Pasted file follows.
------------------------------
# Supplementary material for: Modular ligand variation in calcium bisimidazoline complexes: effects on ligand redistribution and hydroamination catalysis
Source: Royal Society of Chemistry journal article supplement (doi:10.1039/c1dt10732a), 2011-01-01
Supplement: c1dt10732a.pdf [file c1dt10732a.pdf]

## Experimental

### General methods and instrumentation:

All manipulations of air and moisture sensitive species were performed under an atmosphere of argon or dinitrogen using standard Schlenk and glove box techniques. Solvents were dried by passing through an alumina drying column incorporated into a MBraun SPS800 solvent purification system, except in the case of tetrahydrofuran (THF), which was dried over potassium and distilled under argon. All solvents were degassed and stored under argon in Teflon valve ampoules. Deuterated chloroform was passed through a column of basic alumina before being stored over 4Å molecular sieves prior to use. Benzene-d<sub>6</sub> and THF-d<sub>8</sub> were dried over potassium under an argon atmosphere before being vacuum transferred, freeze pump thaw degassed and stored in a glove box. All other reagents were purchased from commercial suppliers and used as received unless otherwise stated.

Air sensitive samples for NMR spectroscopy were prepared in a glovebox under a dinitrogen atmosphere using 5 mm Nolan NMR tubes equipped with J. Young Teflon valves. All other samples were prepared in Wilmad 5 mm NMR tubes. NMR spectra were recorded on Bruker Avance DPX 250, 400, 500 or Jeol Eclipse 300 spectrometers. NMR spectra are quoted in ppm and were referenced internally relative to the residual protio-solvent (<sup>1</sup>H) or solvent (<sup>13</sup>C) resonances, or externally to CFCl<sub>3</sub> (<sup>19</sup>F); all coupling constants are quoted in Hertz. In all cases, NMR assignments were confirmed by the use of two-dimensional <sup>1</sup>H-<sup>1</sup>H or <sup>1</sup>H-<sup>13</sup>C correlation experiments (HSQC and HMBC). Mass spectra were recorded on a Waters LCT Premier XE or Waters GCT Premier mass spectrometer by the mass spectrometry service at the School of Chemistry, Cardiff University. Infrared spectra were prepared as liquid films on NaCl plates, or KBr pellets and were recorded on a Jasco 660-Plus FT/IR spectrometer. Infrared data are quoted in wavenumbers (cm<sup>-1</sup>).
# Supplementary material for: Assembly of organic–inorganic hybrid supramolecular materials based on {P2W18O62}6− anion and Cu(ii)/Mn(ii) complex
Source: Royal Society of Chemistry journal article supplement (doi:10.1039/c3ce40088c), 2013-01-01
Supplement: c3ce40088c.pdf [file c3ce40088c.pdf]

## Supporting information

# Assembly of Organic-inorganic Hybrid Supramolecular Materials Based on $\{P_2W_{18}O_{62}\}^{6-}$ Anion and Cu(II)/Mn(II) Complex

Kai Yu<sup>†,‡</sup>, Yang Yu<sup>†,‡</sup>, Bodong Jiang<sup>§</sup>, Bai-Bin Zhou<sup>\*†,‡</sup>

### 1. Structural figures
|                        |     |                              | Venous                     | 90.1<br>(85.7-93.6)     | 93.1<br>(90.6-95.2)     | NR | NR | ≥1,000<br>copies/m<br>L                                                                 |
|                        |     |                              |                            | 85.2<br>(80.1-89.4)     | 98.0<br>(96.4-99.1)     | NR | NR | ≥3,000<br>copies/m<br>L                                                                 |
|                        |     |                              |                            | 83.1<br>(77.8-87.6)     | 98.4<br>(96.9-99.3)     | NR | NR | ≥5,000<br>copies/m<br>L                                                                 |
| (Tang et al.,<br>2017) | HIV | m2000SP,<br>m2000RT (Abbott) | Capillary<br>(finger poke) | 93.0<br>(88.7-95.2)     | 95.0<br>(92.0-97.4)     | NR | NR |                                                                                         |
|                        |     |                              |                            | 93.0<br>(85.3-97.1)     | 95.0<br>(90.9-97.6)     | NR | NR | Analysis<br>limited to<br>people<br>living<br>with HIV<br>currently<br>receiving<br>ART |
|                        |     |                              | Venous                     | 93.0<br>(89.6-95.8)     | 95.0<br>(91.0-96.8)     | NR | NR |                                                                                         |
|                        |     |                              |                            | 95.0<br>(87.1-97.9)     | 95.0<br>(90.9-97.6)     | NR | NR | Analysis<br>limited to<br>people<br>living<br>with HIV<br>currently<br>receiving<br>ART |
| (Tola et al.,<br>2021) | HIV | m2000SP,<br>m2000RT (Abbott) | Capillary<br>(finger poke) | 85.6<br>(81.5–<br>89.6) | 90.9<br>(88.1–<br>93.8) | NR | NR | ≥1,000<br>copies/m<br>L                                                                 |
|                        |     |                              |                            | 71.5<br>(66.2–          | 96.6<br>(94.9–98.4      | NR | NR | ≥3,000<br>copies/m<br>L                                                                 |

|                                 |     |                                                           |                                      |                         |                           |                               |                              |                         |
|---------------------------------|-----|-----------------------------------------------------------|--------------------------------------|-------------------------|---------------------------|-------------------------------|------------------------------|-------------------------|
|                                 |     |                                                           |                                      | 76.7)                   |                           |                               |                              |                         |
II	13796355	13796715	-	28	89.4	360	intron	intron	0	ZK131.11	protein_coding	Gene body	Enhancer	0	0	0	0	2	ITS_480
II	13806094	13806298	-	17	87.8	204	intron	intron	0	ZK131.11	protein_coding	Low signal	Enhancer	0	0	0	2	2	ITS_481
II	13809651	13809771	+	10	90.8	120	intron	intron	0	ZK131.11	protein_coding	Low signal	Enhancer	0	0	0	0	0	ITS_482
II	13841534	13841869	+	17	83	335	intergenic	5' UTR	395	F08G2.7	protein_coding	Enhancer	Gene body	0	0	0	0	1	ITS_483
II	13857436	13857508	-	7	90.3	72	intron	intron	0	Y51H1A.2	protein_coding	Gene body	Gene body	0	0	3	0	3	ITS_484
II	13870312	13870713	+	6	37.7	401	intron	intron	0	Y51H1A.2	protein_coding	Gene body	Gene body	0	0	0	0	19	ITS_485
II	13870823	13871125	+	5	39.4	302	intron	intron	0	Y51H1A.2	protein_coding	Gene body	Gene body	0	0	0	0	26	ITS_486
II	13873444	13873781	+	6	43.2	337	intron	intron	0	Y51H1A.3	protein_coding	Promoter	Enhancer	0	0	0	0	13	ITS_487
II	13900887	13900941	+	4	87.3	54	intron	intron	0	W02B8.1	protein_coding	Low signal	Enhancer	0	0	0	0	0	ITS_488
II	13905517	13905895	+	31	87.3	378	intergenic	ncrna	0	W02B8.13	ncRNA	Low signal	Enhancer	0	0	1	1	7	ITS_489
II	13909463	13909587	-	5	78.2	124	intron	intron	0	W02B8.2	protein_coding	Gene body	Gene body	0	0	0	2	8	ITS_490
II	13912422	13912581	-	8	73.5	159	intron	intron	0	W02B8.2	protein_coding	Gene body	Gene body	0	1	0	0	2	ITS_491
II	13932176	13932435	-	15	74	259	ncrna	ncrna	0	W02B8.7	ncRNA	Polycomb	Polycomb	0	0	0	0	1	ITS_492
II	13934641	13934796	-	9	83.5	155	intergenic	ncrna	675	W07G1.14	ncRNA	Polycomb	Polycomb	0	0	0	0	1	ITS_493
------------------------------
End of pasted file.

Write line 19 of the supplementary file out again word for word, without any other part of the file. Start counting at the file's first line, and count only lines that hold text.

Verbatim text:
|                        |     |                              |                            | 93.0<br>(85.3-97.1)     | 95.0<br>(90.9-97.6)     | NR | NR | Analysis<br>limited to<br>people<br>living<br>with HIV<br>currently<br>receiving<br>ART |